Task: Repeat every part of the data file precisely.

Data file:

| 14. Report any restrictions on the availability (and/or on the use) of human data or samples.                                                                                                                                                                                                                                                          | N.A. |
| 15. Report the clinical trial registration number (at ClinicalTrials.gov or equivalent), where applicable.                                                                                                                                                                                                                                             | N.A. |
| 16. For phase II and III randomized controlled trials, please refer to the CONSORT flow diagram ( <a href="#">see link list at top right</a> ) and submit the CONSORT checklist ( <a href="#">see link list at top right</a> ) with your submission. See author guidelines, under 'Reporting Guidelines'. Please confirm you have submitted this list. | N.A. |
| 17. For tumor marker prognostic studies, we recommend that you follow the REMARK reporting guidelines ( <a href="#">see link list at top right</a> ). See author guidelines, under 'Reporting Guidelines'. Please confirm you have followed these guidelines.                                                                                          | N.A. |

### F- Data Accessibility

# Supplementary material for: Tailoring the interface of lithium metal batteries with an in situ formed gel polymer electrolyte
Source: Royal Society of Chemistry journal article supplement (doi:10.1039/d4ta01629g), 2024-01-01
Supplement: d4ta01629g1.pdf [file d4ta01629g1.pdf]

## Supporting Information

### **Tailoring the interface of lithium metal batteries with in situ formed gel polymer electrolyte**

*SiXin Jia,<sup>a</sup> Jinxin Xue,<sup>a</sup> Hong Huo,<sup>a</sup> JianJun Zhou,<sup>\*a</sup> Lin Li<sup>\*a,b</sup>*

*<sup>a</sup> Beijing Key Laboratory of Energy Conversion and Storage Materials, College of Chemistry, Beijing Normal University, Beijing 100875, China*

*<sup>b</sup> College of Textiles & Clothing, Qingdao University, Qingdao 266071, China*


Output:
| 14. Report any restrictions on the availability (and/or on the use) of human data or samples.                                                                                                                                                                                                                                                          | N.A. |
| 15. Report the clinical trial registration number (at ClinicalTrials.gov or equivalent), where applicable.                                                                                                                                                                                                                                             | N.A. |
| 16. For phase II and III randomized controlled trials, please refer to the CONSORT flow diagram ( <a href="#">see link list at top right</a> ) and submit the CONSORT checklist ( <a href="#">see link list at top right</a> ) with your submission. See author guidelines, under 'Reporting Guidelines'. Please confirm you have submitted this list. | N.A. |
| 17. For tumor marker prognostic studies, we recommend that you follow the REMARK reporting guidelines ( <a href="#">see link list at top right</a> ). See author guidelines, under 'Reporting Guidelines'. Please confirm you have followed these guidelines.                                                                                          | N.A. |

### F- Data Accessibility

# Supplementary material for: Tailoring the interface of lithium metal batteries with an in situ formed gel polymer electrolyte
Source: Royal Society of Chemistry journal article supplement (doi:10.1039/d4ta01629g), 2024-01-01
Supplement: d4ta01629g1.pdf [file d4ta01629g1.pdf]

## Supporting Information

### **Tailoring the interface of lithium metal batteries with in situ formed gel polymer electrolyte**

*SiXin Jia,<sup>a</sup> Jinxin Xue,<sup>a</sup> Hong Huo,<sup>a</sup> JianJun Zhou,<sup>\*a</sup> Lin Li<sup>\*a,b</sup>*

*<sup>a</sup> Beijing Key Laboratory of Energy Conversion and Storage Materials, College of Chemistry, Beijing Normal University, Beijing 100875, China*

*<sup>b</sup> College of Textiles & Clothing, Qingdao University, Qingdao 266071, China*